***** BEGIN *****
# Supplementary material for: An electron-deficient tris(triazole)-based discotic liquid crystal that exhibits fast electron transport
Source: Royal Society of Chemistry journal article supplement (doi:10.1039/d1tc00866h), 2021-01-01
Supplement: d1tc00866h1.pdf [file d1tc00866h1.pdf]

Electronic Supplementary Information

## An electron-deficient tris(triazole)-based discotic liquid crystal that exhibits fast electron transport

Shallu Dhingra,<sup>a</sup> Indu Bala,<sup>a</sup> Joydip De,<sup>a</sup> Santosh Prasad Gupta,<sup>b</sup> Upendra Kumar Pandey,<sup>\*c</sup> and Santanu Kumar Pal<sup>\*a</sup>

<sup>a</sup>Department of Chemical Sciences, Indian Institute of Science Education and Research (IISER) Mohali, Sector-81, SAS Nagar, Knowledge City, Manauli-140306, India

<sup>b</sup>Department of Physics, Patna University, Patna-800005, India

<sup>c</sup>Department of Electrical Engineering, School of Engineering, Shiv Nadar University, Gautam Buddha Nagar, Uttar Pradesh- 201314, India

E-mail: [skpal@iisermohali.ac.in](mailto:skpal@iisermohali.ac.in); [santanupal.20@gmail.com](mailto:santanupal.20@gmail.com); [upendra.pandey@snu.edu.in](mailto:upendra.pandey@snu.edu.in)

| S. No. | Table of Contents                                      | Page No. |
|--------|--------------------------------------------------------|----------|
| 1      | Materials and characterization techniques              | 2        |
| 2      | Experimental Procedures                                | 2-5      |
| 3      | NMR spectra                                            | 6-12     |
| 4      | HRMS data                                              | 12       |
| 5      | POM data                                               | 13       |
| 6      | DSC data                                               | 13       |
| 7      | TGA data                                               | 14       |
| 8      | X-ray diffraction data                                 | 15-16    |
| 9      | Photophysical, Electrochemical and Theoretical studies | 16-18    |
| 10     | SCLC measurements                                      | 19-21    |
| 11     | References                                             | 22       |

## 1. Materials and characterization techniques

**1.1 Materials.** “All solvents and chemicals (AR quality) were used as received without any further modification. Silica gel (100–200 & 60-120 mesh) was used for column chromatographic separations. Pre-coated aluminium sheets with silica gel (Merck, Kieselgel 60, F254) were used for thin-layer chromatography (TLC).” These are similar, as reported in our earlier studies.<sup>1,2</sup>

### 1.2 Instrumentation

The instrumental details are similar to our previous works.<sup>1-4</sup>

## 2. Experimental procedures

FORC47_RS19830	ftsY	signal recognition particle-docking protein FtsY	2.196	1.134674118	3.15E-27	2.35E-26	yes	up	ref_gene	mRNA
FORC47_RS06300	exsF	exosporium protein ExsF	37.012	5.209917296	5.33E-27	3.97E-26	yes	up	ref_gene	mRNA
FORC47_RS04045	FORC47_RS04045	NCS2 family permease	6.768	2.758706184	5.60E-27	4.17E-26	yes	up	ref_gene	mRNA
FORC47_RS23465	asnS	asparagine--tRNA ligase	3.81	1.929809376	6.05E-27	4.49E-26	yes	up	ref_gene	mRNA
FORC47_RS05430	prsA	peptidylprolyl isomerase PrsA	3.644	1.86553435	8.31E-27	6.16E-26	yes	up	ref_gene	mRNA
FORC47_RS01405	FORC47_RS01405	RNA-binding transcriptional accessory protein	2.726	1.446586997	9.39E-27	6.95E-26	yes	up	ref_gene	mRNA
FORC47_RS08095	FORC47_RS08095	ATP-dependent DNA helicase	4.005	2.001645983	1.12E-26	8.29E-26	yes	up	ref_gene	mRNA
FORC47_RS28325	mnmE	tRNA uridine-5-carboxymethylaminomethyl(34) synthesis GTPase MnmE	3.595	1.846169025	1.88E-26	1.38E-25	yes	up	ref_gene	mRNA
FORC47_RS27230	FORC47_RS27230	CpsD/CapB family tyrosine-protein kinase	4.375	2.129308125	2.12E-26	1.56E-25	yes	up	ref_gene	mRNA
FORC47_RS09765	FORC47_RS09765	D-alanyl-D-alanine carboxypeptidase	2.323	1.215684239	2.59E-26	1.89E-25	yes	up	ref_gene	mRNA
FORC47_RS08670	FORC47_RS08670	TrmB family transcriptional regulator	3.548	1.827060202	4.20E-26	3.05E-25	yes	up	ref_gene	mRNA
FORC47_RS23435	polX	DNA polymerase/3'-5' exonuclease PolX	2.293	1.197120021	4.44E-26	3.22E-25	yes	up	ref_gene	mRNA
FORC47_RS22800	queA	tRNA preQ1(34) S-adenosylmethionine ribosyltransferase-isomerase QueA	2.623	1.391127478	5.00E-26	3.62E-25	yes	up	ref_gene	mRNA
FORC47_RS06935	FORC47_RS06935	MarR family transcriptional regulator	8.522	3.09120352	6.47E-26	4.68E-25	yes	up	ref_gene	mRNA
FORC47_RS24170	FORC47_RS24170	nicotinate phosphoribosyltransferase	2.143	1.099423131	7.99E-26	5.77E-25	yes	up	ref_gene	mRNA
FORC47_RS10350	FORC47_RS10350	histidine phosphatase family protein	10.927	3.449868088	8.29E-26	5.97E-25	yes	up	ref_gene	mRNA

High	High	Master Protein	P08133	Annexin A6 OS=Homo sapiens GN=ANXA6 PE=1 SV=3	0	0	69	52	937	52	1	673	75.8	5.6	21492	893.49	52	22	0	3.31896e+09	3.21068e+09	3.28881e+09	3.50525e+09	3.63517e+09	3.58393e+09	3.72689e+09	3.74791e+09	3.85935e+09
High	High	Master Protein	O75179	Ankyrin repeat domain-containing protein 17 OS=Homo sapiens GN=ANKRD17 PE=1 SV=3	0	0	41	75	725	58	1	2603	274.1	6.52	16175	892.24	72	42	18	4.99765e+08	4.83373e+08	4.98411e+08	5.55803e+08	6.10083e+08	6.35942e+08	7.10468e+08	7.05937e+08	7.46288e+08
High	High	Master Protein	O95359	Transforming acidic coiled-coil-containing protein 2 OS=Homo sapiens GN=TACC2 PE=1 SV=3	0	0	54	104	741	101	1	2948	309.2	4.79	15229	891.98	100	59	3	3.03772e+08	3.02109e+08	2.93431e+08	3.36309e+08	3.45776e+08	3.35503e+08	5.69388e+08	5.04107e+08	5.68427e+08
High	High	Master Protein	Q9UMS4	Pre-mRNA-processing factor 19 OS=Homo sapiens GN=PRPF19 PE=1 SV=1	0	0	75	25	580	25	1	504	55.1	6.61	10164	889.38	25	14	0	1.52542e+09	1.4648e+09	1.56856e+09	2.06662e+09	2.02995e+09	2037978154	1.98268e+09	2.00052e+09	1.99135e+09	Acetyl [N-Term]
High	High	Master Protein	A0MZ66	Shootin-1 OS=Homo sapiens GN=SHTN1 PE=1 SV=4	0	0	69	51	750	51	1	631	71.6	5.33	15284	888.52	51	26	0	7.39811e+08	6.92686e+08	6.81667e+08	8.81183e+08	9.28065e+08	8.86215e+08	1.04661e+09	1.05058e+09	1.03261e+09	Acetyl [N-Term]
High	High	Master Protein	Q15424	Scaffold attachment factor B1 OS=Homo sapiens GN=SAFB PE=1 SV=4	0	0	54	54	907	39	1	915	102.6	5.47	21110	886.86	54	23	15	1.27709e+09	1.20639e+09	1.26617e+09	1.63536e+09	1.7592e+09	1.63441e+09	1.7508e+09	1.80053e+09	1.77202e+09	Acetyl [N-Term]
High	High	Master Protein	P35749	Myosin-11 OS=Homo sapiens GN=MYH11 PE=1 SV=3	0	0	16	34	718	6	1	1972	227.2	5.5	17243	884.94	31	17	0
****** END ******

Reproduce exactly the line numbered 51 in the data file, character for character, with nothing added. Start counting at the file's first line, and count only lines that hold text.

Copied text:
High	High	Master Protein	P35749	Myosin-11 OS=Homo sapiens GN=MYH11 PE=1 SV=3	0	0	16	34	718	6	1	1972	227.2	5.5	17243	884.94	31	17	0